Thompson keeps past alive with heirlooms
NEWARK, Del. — Heirloom plants and animals, like those at Trebs Thompson’s Whimsical Farms, don’t get the top-billing commercial status that nearly uniform products have since grocery chains sought out produce able to withstand shipping.
They are maintained for generations because of their color, flavor or nutritional properties, Thompson said.
“Over the past 20 to 25 years, people have become aware that breeds are being lost, and we’ve made great strides at keeping them,” she said. “There are much larger populations and greater availability than there were in the past.”
Thompson said her vegetables tend to boast milder flavors than their traditional counterparts. She selects animals for their size, diets and winter hardiness.
Thompson’s pasture-raised pork, an area of specialty for her, is derived from hogs that grow to as many as 800 pounds after grazing and eating forage that she supplements with feed as needed.
Her Dumbo-eared, large, black pigs are known for their maternal qualities and foraging abilities.
Her long-legged Tamworths also feature long snouts that make them efficient foragers.
Her black and white spotted Gloucester Old Spots feed from pasture and agricultural byproducts.
Thompson’s heirloom hogs also enjoy longer lives than those who make their way to supermarkets: 9 to 18 months as compared with six, she said.
Because heirlooms are chubbier, they are also more marbled, she said.
She said that she’s been able to track down virtually any breed. For now, at least, all Whimsical Farms hog breeds hail from England.
The Large Black is the country’s rarest breed, the Tamworth its oldest.
Thompson said that the heirloom hogs produce a red meat more akin to steak than “the other white meat.”
Thompson’s Leicester Longwool sheep fit more neatly into the category of heirlooms who “simply come with a good story.”
The medium-to-large breed is according to Thompson noted for its ability to gain weight even on scrubby hills and mountains.
Feed a Leicester Longwool a good grain diet, and he or she can become obese, Thompson said.
The breed grows to 250 pounds, dates to the 18th century and features a longer, smoother, Santa Claus beard-like wool staple than the tight crump of the popular Merino.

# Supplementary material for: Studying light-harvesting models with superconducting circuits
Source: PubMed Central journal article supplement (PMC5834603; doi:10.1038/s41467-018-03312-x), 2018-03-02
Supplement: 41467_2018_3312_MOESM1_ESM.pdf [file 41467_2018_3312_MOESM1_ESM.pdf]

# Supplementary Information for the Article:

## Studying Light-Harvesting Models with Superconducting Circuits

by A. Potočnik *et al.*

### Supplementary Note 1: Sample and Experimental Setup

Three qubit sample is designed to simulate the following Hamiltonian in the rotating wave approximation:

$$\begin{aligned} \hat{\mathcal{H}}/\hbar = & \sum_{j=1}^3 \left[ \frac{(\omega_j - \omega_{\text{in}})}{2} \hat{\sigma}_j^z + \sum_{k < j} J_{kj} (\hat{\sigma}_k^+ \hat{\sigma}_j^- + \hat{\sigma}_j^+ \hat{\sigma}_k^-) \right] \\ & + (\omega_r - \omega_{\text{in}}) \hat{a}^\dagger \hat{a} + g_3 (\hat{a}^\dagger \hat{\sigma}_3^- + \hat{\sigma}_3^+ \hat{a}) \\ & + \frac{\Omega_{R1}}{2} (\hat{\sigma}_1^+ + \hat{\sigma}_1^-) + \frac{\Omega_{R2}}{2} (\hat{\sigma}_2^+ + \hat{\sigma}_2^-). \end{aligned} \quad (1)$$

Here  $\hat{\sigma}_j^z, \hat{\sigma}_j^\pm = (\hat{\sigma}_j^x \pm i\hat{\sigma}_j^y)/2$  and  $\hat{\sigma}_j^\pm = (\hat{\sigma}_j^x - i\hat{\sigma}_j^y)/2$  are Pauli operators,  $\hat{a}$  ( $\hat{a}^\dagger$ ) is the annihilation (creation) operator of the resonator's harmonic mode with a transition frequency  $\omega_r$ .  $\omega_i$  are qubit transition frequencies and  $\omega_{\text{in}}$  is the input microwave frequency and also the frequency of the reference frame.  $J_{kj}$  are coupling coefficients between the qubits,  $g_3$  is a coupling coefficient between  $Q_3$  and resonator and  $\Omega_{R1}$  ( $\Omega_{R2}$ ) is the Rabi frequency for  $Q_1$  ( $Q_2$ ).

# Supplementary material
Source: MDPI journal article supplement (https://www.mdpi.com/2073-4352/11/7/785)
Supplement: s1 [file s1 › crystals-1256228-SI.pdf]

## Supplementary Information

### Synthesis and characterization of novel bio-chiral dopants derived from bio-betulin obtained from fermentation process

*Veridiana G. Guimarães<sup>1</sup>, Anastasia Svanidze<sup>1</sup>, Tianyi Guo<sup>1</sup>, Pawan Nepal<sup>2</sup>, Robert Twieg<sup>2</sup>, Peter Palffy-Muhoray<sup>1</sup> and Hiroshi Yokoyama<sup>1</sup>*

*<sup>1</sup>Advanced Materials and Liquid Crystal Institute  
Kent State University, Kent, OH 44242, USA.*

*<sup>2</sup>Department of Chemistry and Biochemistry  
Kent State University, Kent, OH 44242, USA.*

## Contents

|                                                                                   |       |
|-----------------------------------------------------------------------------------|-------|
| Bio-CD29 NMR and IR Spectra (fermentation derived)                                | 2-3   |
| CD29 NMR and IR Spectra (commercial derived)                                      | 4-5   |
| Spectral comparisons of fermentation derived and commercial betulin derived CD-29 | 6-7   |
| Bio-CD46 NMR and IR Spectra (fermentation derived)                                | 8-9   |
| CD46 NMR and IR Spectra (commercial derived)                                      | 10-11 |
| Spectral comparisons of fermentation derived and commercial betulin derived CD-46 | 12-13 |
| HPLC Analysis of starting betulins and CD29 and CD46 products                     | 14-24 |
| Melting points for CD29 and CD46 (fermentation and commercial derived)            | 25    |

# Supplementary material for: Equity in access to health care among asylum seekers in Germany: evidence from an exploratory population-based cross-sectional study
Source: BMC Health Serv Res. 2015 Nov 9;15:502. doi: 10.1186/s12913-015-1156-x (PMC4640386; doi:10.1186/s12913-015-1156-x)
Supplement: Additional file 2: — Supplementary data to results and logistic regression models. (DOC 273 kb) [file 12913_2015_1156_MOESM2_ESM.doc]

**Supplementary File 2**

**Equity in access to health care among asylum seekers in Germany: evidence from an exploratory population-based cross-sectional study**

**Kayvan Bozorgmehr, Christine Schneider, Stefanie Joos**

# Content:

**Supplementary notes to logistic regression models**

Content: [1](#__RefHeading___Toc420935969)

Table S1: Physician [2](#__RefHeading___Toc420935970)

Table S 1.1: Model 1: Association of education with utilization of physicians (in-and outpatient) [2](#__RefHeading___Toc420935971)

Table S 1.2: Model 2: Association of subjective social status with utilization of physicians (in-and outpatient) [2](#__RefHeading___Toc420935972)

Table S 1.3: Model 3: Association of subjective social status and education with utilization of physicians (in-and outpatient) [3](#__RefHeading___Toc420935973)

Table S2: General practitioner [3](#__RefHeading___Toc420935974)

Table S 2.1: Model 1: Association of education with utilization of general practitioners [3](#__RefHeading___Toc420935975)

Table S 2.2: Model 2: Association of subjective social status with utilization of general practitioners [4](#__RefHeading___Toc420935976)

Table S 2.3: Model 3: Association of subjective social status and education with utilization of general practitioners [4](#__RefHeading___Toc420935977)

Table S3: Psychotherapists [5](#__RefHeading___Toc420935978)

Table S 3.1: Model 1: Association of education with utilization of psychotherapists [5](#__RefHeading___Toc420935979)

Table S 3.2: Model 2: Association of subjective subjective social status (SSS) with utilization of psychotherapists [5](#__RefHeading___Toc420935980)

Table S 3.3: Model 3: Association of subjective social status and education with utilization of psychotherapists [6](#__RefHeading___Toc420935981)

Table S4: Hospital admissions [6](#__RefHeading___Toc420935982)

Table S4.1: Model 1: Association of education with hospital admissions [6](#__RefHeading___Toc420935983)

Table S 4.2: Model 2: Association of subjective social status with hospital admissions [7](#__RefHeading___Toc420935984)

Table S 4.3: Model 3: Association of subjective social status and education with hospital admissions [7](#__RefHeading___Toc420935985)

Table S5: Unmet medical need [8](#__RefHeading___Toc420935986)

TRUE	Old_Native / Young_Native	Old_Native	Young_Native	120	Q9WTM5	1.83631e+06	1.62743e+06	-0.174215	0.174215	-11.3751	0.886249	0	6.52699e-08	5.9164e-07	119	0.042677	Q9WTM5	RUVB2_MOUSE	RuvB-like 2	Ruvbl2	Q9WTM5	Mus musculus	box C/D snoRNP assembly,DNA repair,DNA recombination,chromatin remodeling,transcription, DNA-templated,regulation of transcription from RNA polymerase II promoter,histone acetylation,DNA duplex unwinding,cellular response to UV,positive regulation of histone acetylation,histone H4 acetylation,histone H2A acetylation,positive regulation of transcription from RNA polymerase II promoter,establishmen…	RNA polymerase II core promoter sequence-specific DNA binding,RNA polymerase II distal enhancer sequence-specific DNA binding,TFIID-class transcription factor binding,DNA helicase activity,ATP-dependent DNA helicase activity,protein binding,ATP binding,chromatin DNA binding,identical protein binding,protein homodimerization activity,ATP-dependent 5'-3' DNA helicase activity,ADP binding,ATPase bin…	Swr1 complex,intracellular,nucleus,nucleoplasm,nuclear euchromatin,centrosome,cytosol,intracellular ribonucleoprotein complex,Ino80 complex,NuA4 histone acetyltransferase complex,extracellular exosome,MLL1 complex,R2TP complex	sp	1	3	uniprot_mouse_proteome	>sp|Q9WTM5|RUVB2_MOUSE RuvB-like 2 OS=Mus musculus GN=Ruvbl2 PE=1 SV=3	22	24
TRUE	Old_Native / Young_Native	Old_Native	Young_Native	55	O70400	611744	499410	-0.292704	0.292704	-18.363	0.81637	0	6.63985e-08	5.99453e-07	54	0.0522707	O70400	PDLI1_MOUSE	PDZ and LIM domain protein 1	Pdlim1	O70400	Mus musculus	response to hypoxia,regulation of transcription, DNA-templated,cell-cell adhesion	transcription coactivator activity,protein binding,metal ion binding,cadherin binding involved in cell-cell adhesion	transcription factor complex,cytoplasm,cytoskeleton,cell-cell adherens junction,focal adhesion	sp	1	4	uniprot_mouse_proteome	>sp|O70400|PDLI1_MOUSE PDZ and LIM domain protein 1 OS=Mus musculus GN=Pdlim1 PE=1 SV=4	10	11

The British brought Leicester Longwools to the American colonies, and the Merino by the 1900s helped the breed to fall out of favor, according to the Livestock Conservancy in Pittsboro, N.C.
Virginia’s Colonial Williamsburg Foundation in the 1990s began importing Leicester Longwools and other conservation flocks in order to help to reestablish them in North America.
The breed has proven itself of historic and genetic value in founding and improving breeds, the Livestock Conservancy noted.
Leicester Longwools nevertheless remain threatened and a conservation priority, according to the organization.
Heirlooms were as a whole so difficult in the past to obtain that Thompson said she drove as far as Vermont to pick some up.
Conservation efforts have since gained steam and so finding specific breeds isn’t the challenge that it formerly was, she said.
Thompson’s customers call to find out what she has available for the day.
They e-mail and text orders for delivery and she set up a telephone service that accepts orders for the visually impaired.
Thompson herself is visually impaired, the result of what she said is Macular telangiectasia type 2, an eye disease that affects the macula and an area at its center where the eyesight is most keen.
Customers, including restaurants, are “looking for something different, a little more adventurous in the kitchen,” Thompson said.
Most have been purchasing Whimsical Farms meats and produce for some 10 to 15 years, she said.
Thompson in July expects to have Oxhart tomatoes ready to go, she said.
The heirloom breed, wide at the top and narrow at the bottom, is “meaty, juicy, melts in your mouth” and may be sweeter than beefsteaks, she said.
Thompson continues to pick produce by hand while managing for insects and weeds on the farm.
She depends upon a farm manager to handle the heavy work and tractor repairs four to five mornings a week, she said.
She said she expects that her father or her farm manager will begin making customer deliveries later this year, she said.
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